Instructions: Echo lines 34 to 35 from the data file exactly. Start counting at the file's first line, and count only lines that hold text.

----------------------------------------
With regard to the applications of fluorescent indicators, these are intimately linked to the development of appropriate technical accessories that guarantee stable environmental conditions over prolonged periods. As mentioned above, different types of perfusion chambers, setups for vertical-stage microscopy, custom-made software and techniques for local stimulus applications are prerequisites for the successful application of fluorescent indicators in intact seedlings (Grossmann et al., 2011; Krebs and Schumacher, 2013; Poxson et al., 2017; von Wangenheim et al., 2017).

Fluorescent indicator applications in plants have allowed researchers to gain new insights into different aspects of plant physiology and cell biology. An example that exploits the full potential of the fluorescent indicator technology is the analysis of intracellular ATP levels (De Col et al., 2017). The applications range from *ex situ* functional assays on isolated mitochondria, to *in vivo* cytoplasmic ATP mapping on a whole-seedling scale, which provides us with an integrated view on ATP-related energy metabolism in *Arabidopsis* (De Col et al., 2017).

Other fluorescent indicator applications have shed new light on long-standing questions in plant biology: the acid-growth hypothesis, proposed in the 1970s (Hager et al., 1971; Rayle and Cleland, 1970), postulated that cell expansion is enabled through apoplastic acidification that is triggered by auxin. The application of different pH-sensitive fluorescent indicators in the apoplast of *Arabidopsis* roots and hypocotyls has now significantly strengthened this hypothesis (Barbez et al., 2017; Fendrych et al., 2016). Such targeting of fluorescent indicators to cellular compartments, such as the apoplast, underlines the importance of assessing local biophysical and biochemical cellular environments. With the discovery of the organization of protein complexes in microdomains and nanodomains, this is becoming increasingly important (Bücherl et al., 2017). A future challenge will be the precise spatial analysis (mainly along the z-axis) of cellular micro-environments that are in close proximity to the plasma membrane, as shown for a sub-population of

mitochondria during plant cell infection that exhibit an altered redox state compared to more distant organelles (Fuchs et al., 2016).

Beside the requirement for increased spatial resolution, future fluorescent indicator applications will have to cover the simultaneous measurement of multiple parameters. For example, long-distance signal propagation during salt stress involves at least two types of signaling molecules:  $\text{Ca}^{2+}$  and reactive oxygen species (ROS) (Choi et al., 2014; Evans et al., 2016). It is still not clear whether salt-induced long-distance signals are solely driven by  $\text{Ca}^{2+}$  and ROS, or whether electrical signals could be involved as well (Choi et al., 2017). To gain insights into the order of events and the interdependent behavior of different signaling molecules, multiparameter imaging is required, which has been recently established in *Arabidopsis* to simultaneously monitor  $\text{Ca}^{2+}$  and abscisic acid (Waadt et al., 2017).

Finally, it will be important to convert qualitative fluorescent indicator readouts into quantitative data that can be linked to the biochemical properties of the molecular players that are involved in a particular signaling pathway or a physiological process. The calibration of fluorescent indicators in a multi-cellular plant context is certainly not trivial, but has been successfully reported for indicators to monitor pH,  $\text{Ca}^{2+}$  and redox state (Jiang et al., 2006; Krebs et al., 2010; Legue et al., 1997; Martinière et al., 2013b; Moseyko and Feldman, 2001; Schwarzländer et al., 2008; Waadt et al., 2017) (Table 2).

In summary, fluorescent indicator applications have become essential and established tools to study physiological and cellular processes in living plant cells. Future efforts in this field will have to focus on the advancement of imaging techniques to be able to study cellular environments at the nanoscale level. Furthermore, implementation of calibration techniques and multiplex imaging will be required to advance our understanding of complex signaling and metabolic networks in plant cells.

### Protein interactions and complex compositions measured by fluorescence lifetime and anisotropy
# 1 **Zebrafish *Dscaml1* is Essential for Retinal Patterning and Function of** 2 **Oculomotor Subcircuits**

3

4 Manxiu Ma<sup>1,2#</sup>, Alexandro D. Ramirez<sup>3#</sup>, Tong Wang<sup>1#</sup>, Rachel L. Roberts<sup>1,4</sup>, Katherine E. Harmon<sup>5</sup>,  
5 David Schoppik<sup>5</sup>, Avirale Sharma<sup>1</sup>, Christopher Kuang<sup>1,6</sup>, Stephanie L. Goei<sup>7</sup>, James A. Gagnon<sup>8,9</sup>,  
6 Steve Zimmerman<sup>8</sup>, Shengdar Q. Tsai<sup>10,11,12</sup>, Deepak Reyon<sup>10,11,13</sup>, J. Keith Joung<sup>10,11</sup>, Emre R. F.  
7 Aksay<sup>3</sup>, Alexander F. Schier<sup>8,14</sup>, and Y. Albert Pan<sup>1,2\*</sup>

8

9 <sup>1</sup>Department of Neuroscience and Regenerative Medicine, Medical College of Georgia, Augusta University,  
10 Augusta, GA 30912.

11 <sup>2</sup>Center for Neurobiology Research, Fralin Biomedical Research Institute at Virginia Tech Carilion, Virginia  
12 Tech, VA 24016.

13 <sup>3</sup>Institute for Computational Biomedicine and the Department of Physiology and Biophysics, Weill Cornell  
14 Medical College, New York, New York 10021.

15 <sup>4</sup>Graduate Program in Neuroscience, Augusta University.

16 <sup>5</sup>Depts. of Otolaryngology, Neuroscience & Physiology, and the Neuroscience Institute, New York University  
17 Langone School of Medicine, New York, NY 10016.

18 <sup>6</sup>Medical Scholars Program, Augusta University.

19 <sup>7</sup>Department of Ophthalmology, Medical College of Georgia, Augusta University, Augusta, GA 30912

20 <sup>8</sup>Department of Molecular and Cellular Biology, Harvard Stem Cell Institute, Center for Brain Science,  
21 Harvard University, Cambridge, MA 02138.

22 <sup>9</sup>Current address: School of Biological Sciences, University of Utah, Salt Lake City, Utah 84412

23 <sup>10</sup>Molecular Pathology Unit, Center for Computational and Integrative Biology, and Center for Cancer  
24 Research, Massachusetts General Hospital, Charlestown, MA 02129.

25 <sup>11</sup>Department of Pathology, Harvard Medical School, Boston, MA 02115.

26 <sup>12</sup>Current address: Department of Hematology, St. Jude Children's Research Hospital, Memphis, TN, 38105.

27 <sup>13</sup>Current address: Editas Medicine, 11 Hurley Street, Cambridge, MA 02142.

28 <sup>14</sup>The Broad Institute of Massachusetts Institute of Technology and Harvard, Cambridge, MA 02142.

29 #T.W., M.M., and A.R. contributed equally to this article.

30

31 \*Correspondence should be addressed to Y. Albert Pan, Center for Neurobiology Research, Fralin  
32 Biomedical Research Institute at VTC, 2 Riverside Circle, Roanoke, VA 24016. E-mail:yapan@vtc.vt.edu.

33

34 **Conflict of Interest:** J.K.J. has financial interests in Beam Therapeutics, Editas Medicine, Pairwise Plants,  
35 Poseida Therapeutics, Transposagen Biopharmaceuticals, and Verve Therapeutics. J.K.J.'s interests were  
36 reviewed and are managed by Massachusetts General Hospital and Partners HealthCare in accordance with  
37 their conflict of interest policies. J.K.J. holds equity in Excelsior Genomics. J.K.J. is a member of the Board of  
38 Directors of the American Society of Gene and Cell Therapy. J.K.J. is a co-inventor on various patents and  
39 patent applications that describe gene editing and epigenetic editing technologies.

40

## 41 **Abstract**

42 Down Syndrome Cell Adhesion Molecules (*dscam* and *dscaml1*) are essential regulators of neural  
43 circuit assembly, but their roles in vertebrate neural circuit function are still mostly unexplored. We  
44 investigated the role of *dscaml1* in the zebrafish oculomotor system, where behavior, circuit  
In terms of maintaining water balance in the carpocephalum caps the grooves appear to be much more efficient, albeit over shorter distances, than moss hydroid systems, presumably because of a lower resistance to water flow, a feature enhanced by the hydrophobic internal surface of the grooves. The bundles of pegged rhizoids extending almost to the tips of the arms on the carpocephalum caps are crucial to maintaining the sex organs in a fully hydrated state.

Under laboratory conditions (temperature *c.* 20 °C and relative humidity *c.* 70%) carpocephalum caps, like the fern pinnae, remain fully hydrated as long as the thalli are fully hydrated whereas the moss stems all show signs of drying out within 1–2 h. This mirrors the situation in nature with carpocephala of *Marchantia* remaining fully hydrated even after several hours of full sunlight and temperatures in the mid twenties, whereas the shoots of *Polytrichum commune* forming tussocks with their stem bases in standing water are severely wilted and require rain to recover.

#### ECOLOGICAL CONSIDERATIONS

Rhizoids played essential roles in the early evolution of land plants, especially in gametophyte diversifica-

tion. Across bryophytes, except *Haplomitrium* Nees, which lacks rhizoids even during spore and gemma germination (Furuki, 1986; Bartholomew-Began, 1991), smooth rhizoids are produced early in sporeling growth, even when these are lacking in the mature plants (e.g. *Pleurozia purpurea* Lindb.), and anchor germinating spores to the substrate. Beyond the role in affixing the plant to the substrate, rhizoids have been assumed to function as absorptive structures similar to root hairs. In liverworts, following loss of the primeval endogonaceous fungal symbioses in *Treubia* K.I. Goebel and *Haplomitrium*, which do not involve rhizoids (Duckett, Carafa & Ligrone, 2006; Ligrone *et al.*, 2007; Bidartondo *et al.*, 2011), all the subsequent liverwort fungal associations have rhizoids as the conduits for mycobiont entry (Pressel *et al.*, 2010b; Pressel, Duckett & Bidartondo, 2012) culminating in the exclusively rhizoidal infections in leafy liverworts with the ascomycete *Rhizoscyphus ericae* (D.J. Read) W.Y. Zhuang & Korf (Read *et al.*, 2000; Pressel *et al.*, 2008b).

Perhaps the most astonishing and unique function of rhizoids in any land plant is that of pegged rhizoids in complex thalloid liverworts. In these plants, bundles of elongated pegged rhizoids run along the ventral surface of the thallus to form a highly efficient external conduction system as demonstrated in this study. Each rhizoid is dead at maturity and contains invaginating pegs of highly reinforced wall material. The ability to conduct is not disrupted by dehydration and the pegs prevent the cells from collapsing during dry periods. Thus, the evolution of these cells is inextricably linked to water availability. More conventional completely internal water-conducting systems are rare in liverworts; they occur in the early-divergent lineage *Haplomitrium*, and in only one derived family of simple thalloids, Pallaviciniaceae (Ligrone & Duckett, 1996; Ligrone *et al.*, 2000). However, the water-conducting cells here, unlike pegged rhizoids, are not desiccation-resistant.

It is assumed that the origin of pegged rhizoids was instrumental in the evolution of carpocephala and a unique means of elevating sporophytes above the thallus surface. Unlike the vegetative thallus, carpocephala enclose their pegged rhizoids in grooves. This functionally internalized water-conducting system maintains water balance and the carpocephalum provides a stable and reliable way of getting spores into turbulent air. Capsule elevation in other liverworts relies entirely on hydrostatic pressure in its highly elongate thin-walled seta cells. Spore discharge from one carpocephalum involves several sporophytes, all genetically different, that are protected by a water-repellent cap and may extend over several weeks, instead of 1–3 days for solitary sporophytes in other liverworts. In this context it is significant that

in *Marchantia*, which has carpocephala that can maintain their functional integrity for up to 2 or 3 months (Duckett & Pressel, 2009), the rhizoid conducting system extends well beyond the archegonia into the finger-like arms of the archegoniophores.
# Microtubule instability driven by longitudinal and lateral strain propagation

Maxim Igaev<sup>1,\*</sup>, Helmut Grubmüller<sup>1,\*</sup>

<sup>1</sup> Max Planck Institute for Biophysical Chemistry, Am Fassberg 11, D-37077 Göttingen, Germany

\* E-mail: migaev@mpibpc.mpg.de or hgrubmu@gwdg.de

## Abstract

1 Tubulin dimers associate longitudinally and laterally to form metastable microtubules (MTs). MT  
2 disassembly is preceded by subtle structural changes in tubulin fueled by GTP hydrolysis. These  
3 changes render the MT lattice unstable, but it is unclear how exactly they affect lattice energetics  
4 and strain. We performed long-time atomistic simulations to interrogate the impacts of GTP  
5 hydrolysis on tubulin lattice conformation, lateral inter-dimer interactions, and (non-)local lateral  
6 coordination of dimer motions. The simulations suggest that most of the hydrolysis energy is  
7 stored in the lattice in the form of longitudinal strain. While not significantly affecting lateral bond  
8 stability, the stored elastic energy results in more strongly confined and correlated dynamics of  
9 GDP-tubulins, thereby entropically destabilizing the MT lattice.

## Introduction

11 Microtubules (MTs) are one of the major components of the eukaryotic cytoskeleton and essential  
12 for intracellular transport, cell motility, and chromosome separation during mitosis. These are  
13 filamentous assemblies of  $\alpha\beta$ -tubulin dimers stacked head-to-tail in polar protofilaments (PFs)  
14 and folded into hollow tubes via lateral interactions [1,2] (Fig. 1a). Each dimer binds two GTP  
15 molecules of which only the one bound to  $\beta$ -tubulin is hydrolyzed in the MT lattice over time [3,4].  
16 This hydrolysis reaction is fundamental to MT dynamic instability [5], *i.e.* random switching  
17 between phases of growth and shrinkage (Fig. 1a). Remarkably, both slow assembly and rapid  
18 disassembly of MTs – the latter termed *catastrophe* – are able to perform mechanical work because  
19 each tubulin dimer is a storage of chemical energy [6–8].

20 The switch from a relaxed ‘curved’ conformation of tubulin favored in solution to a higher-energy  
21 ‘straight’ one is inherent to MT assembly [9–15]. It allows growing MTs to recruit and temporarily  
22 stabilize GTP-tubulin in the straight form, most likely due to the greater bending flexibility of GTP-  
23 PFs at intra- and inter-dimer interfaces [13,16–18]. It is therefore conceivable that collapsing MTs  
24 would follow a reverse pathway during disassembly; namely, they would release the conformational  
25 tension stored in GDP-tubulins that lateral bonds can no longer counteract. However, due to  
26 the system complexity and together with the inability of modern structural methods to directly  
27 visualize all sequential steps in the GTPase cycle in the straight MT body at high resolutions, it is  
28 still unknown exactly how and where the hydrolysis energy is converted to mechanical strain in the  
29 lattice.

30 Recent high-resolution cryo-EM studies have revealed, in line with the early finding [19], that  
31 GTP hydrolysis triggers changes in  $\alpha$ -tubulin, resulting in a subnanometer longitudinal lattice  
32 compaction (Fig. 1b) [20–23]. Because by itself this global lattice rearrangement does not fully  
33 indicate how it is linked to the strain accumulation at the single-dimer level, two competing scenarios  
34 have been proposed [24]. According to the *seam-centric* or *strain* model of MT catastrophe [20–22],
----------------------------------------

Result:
27 <sup>13</sup>Current address: Editas Medicine, 11 Hurley Street, Cambridge, MA 02142.

28 <sup>14</sup>The Broad Institute of Massachusetts Institute of Technology and Harvard, Cambridge, MA 02142.